Two-Legged Robot With Human Feet Can Now Walk Independently

University of Michigan's MARLO is one giant leap for robot-kind
MARLO is the University of Michigan ATRIAS 2.1 robot designed by Jonathan Hurst and the Dynamic Robotics Laboratory at Oregon State University. Joseph Xu/ University of Michigan

Humans evolved to walk on two legs, but getting robots there has proven quite challenging so far.

That’s why it is amazing to see this bipedal robot, developed by the University of Michigan, walk without the help of a support beam.

The robot, dubbed MARLO, is more dexterous than its bipedal sister, MABEL, which was developed in 2008.

Although MABEL was the fastest bipedal robot with knees, reaching a 9-second gait, the robot had to be attached to a metal rod to keep lateral stability as it ran around in a circle pen. See it in action below:

MARLO, which looks like a Darth Vader helmet with legs and people feet, can walk in all directions and even go outside with no external help to keep balance.

“MABEL was constrained to one plane, which is not much different to old Mario games,” says Brent Griffin, a researcher at the University of Michigan College of Engineering who’s working on the two robots. “But when you go the full 3-D you need more control to handle the additional dynamics.” Griffin also stressed to Popular Science that his views don’t necessarily reflect those of his employer or his colleagues.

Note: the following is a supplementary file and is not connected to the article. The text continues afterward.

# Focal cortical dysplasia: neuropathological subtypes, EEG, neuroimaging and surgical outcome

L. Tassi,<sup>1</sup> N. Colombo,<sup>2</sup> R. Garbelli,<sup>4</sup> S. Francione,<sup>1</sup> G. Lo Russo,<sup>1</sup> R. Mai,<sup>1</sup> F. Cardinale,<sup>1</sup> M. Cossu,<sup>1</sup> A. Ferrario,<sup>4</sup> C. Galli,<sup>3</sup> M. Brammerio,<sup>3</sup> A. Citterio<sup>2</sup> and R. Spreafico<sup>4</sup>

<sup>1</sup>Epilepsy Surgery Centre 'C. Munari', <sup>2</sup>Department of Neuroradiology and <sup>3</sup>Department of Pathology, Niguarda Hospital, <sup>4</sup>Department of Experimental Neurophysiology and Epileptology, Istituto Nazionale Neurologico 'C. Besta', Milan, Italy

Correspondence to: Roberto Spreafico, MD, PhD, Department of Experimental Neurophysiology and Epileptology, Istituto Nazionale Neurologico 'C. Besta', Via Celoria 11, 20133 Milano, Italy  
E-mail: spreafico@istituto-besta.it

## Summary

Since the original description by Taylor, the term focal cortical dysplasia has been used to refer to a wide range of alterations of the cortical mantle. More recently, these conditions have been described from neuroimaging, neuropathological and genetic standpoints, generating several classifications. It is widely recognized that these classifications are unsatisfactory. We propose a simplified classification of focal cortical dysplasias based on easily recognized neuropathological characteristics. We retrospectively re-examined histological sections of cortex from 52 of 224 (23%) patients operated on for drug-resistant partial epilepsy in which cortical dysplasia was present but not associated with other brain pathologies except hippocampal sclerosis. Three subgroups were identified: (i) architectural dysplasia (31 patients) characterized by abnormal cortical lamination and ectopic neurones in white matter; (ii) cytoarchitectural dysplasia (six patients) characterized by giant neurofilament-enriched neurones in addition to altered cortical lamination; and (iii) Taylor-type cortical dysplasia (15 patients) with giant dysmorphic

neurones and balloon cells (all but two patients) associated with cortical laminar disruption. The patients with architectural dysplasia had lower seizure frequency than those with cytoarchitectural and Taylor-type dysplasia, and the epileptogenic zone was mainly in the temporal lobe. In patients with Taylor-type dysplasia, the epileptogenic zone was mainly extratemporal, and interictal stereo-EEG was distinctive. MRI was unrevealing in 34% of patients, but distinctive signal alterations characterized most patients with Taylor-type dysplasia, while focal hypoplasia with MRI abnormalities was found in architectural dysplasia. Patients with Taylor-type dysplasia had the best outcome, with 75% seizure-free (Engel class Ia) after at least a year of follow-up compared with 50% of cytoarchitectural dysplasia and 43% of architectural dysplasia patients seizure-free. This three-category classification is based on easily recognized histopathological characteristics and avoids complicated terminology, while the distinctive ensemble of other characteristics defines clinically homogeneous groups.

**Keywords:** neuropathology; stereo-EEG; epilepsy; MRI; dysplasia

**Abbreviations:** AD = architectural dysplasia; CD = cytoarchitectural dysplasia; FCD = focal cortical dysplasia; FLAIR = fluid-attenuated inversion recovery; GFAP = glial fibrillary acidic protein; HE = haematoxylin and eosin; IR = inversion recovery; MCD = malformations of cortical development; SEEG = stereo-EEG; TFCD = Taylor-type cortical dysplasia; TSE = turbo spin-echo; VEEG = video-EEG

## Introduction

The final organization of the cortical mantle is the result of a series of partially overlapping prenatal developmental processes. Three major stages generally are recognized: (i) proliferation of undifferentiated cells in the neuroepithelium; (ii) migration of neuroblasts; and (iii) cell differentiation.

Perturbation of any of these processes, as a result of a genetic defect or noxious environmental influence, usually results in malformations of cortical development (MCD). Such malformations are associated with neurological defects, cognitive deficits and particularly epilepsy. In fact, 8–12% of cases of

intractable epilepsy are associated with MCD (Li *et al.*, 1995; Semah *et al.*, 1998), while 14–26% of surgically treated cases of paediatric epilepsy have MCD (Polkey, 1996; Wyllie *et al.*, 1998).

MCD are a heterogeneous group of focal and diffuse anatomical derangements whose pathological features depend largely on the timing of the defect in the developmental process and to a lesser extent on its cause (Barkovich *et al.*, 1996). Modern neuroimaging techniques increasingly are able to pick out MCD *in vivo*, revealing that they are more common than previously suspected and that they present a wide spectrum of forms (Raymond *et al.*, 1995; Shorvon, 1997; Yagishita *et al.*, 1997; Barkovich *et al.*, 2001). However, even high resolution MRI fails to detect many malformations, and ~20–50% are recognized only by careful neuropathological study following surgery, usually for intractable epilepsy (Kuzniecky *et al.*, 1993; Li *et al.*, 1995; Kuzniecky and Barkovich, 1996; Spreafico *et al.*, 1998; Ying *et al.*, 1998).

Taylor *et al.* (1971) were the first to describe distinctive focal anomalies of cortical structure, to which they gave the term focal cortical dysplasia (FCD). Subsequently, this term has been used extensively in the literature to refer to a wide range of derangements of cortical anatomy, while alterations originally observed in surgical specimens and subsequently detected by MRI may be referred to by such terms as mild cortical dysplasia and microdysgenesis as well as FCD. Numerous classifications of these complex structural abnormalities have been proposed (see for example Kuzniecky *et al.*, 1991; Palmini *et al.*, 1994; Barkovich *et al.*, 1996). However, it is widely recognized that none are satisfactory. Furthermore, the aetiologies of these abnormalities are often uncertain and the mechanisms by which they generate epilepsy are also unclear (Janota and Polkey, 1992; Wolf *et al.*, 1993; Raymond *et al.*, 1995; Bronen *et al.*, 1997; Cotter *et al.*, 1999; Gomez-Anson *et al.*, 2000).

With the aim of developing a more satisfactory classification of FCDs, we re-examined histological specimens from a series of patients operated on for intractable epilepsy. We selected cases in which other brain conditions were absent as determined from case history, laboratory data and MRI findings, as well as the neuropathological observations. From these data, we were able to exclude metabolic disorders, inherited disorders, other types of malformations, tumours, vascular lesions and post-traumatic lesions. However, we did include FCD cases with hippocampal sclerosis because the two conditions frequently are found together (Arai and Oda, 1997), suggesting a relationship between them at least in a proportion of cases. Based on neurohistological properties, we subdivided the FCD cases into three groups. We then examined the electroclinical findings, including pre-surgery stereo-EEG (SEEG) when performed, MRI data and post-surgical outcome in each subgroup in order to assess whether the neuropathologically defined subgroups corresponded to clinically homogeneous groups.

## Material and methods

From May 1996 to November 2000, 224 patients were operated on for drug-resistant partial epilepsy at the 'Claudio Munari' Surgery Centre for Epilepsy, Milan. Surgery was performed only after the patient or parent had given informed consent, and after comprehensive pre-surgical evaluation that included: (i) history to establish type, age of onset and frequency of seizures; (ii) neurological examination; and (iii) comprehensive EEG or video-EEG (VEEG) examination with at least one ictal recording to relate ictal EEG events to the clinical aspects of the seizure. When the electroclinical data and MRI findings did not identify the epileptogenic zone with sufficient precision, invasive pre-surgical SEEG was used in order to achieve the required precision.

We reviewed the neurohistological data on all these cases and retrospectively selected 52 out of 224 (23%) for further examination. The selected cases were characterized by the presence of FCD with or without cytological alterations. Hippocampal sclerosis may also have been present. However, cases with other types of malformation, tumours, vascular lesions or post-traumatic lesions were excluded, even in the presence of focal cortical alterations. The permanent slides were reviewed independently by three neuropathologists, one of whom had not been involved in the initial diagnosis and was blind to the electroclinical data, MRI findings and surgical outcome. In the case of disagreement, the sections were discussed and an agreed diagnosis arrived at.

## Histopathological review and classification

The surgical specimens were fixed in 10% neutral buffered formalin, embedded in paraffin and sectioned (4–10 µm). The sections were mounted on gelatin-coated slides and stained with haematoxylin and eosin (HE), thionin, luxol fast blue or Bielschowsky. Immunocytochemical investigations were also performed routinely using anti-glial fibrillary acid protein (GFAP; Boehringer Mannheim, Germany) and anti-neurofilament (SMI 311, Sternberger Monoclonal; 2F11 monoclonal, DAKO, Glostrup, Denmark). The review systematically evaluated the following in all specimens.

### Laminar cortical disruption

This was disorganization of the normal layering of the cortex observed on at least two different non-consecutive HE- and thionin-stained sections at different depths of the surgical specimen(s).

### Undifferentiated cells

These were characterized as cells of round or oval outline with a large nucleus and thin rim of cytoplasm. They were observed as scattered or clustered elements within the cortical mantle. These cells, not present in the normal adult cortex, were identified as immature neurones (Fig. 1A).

Where as MABEL only had four actuator motors to help it move, MARLO has two additional ones to allow its hips to move in the frontal plane as well as laterally. MARLO’s design is based off of its cousin robot, ATRIUS at the University of Oregon, which took its first steps outside in April 2015.

Despite the difficulty of getting them to walk and balance on their own, bipedal robots have a lot of advantages, says Griffin. Not only would a bipedal robot have access to terrain that is not accessible to wheeled vehicles, they would also be able to more seamlessly navigate our human-built world. A humanoid robot would be able to utilize purpose-built humanoid tools such as ladders and stairs, as well as traverse terrain difficult for other types of robots, such as walking trails.

And unlike the four-legged freaks that competed in the DARPA robotics challenge, bipeds are very energy efficient at traveling long distances compared to a lot of quadrupeds, says Griffin. This energy efficiency would allow for smaller, more practical batteries.

As of right now, the controls for MARLO are very simple. The robot only has a go-button to start walking and no ability for someone to make it change direction. It also has no external sensing, so it is essentially as if a person was walking blind, says Griffin. However, more advanced controls aren’t too far off in the future, he said.

There are a lot of challenges with building a bipedal robot that mimics a humans gait, since human walking is essentially controlled falling. There are also limitations to current technology that add a whole other challenge, Griffin adds. But robots like MARLO are just the beginning.

“There’s proof in all of us that bipedal walking can be stable,” says Griffin.